Students are pushing universities to create small, in-person classes designed to circumvent new government regulations that block international students from obtaining visas if their classes are exclusively online.
Activists at the University of California-Berkeley, New York University, and Ohio State University want their colleges to sponsor in-person classes to help international students remain in the United States. The demands come after Immigration and Customs Enforcement, alongside the U.S. Department of Homeland Security, announced international students must return to their home countries if their college courses are held exclusively online. Student visas will not be renewed unless the student can prove that they are physically required on campus.
In a since-deleted tweet, a UC-Berkeley rising senior posted a message detailing students' scheme to avoid ICE/DHS guidelines.
Recent Stories in Campus
"Berkeley students are creating a 1-unit, in-person, student-run class to help international students avoid deportation due to the new ICE regulations," the student tweeted. "Love my school sometimes." The student did not respond to requests for comment.
The attached message said that the student-created class will take place in the anthropology department and will be offered to international students only. The message also claims a faculty member will sponsor this class but did not list the faculty member's name. The UC-Berkeley anthropology department did not respond to requests for comment.
Many American colleges sent students home following the spread of coronavirus to avoid outbreaks on campus. As the fall semester looms, however, many universities are debating whether to move to online-only education. The Trump administration's policy is driving some universities to get creative with the reopening process.
Columbia University announced it will provide a hybrid learning experience of in-person and remote classes and claims this will "alleviate the negative effects of these new [ICE/DHS] regulations." In a public statement, Columbia president Lee Bollinger said the "Columbia Global Centers," which are international outposts for the school—with locations in Beijing, Mumbai, and Paris, among others—could "provide in-person academic and peer engagement" for international students unable to return to campus. The university did not respond to requests for comment.
NYU has yet to formally announce whether hybrid courses will take place in the fall. In response, student activists created a resources page with instructions on where to send letters demanding hybrid classes, a breakdown of the ICE/DHS policy, petitions to sign, and a list of in-person classes. The page promotes a Change.org petition that calls on the university to officially adopt a hybrid approach to "support its international students." The petition dismissed the ICE/DHS policy as "inherently xenophobic, nationalist, and racist."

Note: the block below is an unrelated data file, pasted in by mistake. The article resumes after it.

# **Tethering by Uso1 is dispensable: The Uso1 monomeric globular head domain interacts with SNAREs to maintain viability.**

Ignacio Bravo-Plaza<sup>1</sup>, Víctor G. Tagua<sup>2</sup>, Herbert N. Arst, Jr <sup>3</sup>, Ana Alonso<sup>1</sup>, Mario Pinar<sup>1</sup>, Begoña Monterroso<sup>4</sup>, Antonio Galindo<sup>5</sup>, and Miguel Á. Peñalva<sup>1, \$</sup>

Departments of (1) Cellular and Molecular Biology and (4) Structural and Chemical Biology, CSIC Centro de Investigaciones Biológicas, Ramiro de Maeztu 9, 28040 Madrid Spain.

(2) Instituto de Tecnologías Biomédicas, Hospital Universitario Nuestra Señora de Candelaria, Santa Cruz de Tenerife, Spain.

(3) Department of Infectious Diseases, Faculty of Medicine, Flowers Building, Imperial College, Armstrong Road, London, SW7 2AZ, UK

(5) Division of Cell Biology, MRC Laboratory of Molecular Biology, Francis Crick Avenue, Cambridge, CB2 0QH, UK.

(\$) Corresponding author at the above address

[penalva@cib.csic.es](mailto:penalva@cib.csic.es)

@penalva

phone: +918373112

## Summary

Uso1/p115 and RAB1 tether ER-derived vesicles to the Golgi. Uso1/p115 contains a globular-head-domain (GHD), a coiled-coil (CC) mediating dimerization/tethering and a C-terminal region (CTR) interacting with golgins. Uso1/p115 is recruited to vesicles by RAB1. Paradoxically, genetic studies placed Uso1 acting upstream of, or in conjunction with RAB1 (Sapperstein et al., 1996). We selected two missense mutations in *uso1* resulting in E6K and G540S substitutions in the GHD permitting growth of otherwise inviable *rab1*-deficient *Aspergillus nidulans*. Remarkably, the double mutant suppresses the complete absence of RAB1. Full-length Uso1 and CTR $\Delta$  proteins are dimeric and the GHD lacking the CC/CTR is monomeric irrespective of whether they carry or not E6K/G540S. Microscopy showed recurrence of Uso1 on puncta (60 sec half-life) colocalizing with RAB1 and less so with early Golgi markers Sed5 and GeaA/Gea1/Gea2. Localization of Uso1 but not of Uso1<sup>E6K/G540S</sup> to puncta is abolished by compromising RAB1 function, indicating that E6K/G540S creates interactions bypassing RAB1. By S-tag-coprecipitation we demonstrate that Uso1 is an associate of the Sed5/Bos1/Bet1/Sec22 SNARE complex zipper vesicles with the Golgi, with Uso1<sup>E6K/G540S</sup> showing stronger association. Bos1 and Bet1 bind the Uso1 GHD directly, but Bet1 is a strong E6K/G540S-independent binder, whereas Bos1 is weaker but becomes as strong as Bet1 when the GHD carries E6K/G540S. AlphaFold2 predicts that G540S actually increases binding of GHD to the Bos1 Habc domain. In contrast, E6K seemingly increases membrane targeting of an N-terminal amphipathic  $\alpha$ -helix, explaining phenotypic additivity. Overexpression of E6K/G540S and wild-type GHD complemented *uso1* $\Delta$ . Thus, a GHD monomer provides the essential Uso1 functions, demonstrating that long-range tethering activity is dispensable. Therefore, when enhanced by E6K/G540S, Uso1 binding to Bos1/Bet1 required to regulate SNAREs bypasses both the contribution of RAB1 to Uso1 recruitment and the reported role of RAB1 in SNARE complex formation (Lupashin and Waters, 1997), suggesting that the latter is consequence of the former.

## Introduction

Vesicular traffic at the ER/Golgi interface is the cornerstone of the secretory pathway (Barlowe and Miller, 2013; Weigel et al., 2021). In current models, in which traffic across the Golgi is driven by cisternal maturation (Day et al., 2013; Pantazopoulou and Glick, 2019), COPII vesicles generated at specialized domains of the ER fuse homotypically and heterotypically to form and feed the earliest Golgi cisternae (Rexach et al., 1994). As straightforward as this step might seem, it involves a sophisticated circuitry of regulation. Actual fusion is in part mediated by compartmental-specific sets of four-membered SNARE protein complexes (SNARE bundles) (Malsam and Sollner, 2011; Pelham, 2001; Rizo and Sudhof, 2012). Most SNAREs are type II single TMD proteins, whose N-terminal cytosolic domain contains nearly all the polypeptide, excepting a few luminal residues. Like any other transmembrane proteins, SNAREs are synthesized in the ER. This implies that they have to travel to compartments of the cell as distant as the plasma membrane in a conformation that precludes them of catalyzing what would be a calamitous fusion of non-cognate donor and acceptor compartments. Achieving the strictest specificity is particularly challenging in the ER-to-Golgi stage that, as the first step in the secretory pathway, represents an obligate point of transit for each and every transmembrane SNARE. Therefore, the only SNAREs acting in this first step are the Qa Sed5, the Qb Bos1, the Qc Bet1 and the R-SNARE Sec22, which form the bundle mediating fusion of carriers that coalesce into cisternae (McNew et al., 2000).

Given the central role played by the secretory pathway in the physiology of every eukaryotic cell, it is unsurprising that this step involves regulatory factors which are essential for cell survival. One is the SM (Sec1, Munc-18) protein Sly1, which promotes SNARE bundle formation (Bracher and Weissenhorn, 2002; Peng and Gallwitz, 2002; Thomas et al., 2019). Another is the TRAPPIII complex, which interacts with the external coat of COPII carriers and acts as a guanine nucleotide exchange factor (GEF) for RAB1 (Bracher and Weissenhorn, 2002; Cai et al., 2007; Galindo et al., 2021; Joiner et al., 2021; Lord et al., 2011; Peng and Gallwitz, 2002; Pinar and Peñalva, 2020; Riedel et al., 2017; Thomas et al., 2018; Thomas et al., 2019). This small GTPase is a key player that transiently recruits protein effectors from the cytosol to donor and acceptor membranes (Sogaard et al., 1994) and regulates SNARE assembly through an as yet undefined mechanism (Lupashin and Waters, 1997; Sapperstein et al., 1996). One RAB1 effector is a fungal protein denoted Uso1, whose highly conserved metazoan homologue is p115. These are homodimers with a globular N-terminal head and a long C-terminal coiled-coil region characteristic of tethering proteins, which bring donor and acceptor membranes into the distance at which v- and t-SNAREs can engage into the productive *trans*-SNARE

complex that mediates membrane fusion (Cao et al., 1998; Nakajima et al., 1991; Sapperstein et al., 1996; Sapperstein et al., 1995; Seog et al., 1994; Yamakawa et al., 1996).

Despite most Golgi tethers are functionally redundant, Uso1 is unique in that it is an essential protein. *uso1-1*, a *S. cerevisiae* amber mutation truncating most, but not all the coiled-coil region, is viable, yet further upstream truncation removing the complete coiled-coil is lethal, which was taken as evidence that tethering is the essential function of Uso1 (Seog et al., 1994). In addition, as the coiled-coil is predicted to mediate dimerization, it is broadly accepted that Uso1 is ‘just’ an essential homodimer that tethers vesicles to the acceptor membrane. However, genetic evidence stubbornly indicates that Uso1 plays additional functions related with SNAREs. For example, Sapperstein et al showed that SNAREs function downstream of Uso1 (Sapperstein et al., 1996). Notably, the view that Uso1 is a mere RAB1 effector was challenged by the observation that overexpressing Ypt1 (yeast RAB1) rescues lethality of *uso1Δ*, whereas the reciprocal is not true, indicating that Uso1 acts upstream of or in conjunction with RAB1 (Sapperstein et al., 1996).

"We must remember that unless we are a part of the indigenous community, we are also immigrants to this country," the petition reads. "It is up to us, especially US citizens, to fight against a policy that will disproportionately affect students who may not have the luxury of leaving the United States due to a myriad of reasons." The petition organizer did not respond to a request for comment.
At Ohio State University, a similar letter from students calls on the university to uphold hybrid learning to help international students. Letter organizer and international student community member Jacob Chang told the Washington Free Beacon that he is worried students stuck in their home countries will not be able to adequately learn, particularly Chinese students.
"I think it is really important for international students to be able to stay in the U.S. because this is literally during the middle of the pandemic. … Traveling around the world increases the chance of infection for students," Chang said. "At the same time, students who will be taking online classes back home will be suffering from internet bans—[for] example, China—technological issues, [and] time zone conflicts. It will be hard for them to catch up with their American peers."
Petitions and demands for hybrid learning come alongside a lawsuit from Harvard University and the Massachusetts Institute of Technology challenging the ICE/DHS policy. Cornell University president Martha Pollack, whose school joined an amicus brief in support of the litigation, said Cornell's international students will "largely not be negatively affected" by the new regulations but said she stands "in the strongest opposition to this recent policy decision." According to Harvard spokesman Jason Newton, the schools believe the ICE/DHS policy violates the Administrative Procedure Act.
"The Harvard/MIT suit seeks a temporary restraining order and preliminary and permanent injunctive relief preventing the government from enforcing the policy announced in ICE's July 6 Directive because it violates the Administrative Procedures Act," Newton told the Free Beacon.
An ICE spokesman declined to comment, citing the pending litigation. DHS did not respond to requests for comment.